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Foundation and slab questions

Chris_Duncan | Posted in General Questions on

Owner/builder SFR new building in zone 5 (6200′ above Reno). On a 17% south facing slope with somewhat friable bedrock varying from 1′ to 4′ below ground level. 1000 sq.ft. garage slab on grade with stepped footing/stemwall foundation. 1200 sq ft two story house with stepped footing/stemwall crawlspace foundation.

The building inspector has already given the ok to drill into the bedrock and connect the stemwall directly to the rock where it can’t be dug with the backhoe.

The footing is 16″ wide, 7.5″ tall, with 16″x16″ steps about every 10′ or so to go down the slope. The stemwalls are 7.5″ wide and vary from 16″ to 48″ tall, the max height to avoid engineering.

Can this footing stemwall system be poured monolithic? With the footing forms having open tops? Was thinking it could be poured in lifts with the first pour/lift filling all the footing steps, then the footing, then the stemwalls in two or three lifts. I’ve seen contractors pour footing/stemwalls all at once but not on a slope with the steps. Seems like a good option to avoid the cold footing to stemwall joint in a seismic/high wind zone. Would have a concrete pump truck to do this.

It’s just kind of scary to try and get the slump correct. Helping my neighbor pour his slab in two parts on two different days and two different slumps made the work dramatically different.

On the slab want to put 1-1/2 of EPS underneath and then a 12″ square grid of #4 rebar. Want to be able to drive a 6500 lbs Bobcat on it and bring in some heavy machinery (10,000 lbs?) with a forklift. Was thinking of going to a 5″ thickness? The 12″ square seems good for the pour, so you can step in the holes while working it, compared to the 8″ woven mesh. Could this dimension go to 16″ square?

My neighbor completely eliminated the rebar in his slab just going with the small fiber reinforcing, but I thought this was only to control drying cracks?

Should I go with the budget Home Depot EPS? That does say it’s rated for under-slab. Or something with a higher PSI rating?

There is also some fill under the slab, up to three feet in depth. Should this be building sand, or should it be road base?

The only other thing that seems problematic is how do you set up a screed edge on the slab when the footing/stemwall is already poured? The stemwall will be up to 4″ higher than the slab, and slab is sloped to drain toward the garage doors. You could do the slab in two parts which would give you a center edge. But the edge at the wall is the issue. The only DIY info I’ve found is to hand trowel an edge during the first part of the pour. Seems like one of those things that’s going to be difficult on a first time, one time basis.

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  1. Expert Member
    Peter Yost | | #1

    Hi Chris -

    pretty complicated project and post. It sure sounds as though you need local expertise; you are not the first landowner in your neck of the woods who has had to figure out--or pay a professional to figure out--your approach.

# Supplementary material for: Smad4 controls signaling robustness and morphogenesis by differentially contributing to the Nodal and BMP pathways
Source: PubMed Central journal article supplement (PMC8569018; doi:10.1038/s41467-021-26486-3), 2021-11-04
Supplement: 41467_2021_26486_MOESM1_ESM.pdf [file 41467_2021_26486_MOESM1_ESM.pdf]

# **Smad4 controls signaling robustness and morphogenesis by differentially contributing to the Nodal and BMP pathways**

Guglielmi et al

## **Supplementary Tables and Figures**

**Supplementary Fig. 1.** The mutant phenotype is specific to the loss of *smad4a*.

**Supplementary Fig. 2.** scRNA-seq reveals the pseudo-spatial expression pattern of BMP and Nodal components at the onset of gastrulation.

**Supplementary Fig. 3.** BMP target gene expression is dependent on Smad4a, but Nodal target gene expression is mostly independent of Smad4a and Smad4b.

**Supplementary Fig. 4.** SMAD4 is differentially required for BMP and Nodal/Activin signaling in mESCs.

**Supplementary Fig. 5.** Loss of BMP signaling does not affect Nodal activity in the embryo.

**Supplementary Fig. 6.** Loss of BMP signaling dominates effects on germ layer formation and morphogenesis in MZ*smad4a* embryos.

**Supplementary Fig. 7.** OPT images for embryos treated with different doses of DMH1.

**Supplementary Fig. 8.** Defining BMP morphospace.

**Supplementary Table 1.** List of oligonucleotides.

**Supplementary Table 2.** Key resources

One thing I can tell you: check out the EPS Industry Alliance technical information on compressive strength of EPS by Type:


  2. Expert Member


    We pour most of our foundations monolithically. That's made easier because most builders here form with boards, and use a 2"x4" on the top of the footings which helps contain the concrete. Much like this:

    The upsides as you say, are increased strength, and a savings in time, labour and pump fees. The downsides are a capillary break isn't possible, and the forms can move a bit vertically if not well-staked.

    The one situation that sometimes makes builders here do two pours are steps in the footings. Depending on how deep and how many, it is sometimes easier to pour them separately. Yours sound pretty simple. I'd be tempted to p0ur all at once, but if it's your first time, you might want to err on the side of caution. You can easily make up for any loss of strength by making the footing an wall rebar continuous.

  3. krom | | #3

    for the floor I've been told to use adjustable height chairs to set a piece of round pipe so the top surface of the pipe is even with the finished floor surface.
    use the pipe to screed, then slide it towards you, filing in the groove as you trowel or float the floor.

  4. seabornman | | #4

    Re: slab design: I was involved in many industrial projects with heavy loads. Many of them did not have steel reinforcing in the slab, however they weren't over insulation, and they all had some degree of control joints and design to transfer loads at the control joints. Varying amounts of fill. I'm not an engineer. You'll need to bring in a graded gravel or stone (same as road base) that can be compacted, and install it in 8" lifts, compacting each lift, paying attention to moisture content. You'll need a decent size machine for compaction. Insulation will probably need to be high psi XPS made for plaza decks, etc. My guess is you'll need at least a 6" slab, maybe more. You'll need to plan crack control with sawcuts or other and then plan for transfer of loads across joints. A 10,000 pound machine may put most of its weight on the front wheels when fully loaded. Maybe a discussion with an engineer is in order.

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